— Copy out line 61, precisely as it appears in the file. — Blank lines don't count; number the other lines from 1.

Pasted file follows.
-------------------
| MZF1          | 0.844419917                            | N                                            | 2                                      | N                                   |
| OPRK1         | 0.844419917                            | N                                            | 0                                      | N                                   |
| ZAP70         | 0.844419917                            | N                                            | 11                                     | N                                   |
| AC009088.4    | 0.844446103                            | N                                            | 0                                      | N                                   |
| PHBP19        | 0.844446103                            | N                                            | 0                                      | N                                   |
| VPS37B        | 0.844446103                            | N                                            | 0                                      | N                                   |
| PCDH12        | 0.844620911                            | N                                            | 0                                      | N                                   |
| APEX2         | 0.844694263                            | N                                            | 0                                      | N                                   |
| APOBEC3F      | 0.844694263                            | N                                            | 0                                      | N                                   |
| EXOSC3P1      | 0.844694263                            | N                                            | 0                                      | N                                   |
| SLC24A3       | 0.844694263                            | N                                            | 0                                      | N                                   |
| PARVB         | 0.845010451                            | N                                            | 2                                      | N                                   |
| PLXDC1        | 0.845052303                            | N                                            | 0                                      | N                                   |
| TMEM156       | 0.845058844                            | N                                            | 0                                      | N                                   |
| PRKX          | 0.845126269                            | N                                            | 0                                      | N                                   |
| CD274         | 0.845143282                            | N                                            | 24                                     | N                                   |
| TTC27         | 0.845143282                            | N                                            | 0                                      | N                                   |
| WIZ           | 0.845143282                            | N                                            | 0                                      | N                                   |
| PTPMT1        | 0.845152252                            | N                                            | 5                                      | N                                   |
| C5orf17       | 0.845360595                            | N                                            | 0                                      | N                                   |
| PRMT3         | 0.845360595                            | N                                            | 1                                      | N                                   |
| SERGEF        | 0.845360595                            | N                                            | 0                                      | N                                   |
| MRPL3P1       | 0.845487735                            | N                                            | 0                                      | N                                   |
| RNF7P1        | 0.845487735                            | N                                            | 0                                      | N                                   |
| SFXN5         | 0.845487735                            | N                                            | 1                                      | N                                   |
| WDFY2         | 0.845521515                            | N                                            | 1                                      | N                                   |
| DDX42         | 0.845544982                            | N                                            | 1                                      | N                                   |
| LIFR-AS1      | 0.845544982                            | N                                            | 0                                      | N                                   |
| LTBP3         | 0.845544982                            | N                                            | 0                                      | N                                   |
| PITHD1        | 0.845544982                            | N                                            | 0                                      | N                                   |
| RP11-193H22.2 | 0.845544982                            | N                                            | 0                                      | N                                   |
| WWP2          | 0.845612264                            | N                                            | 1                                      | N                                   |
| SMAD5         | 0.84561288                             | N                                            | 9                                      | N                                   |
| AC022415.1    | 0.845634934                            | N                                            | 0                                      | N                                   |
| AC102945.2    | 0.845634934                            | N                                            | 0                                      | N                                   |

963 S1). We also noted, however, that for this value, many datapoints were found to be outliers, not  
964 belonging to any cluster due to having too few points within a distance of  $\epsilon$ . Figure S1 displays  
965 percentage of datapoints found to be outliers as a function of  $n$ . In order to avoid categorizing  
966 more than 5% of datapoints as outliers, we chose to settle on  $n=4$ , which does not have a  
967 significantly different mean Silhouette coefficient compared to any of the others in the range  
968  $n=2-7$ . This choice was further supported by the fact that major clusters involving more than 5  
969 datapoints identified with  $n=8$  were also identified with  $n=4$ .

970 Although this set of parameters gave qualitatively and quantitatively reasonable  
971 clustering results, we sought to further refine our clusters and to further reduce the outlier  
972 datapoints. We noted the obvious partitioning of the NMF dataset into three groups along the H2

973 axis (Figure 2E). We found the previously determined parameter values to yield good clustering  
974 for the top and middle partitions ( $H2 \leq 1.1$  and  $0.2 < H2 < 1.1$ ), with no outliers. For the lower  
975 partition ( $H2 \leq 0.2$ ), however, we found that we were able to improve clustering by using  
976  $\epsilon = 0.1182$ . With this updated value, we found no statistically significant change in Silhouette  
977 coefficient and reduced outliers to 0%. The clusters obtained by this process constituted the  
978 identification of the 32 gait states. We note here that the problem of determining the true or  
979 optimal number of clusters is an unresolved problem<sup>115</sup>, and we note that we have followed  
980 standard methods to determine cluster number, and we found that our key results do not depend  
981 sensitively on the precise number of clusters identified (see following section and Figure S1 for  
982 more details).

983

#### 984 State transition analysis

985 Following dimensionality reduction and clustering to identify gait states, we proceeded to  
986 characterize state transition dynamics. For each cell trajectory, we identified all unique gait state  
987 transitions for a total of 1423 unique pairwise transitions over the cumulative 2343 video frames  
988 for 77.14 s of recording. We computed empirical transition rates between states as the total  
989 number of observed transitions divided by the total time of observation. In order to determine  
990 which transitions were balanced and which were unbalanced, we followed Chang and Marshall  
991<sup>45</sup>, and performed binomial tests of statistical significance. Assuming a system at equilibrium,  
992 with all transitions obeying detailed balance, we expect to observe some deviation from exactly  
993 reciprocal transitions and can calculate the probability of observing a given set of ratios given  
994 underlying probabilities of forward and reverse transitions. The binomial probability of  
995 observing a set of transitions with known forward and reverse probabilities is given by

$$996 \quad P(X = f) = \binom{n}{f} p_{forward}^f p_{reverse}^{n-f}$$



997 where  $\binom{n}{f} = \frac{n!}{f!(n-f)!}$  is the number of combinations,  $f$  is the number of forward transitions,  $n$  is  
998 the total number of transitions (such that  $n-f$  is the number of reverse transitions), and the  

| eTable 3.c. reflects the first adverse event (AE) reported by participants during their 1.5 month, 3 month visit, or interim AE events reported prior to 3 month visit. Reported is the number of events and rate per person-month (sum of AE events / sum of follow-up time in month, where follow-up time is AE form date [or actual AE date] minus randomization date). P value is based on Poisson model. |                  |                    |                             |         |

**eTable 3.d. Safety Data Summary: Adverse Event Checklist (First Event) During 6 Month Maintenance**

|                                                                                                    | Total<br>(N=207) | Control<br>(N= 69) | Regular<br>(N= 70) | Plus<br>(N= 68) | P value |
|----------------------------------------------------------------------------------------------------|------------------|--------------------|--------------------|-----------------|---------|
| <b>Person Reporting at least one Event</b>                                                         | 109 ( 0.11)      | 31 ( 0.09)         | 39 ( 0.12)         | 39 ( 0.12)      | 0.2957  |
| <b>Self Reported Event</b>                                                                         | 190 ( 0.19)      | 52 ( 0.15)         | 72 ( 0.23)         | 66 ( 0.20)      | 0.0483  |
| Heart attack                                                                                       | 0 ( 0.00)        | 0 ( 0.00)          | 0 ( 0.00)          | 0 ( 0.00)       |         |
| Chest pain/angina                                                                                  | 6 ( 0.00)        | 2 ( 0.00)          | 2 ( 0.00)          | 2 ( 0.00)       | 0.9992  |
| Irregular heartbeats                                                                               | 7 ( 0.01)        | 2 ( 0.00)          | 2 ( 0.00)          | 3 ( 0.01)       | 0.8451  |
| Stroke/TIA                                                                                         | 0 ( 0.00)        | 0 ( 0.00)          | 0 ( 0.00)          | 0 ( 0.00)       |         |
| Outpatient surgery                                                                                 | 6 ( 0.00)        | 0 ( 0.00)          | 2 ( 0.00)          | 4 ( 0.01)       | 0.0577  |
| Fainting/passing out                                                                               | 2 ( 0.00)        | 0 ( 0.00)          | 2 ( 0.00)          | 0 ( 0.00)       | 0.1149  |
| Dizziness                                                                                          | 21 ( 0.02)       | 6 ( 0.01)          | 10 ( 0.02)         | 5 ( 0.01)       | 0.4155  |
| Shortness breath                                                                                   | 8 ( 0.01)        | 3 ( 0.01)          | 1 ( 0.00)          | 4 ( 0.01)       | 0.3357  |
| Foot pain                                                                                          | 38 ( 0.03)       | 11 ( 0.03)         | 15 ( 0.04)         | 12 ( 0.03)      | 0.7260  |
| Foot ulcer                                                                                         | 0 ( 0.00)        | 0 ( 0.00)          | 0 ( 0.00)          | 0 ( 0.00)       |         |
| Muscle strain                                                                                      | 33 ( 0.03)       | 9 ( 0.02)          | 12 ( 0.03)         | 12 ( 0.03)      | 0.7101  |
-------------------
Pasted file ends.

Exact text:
988 for 77.14 s of recording. We computed empirical transition rates between states as the total  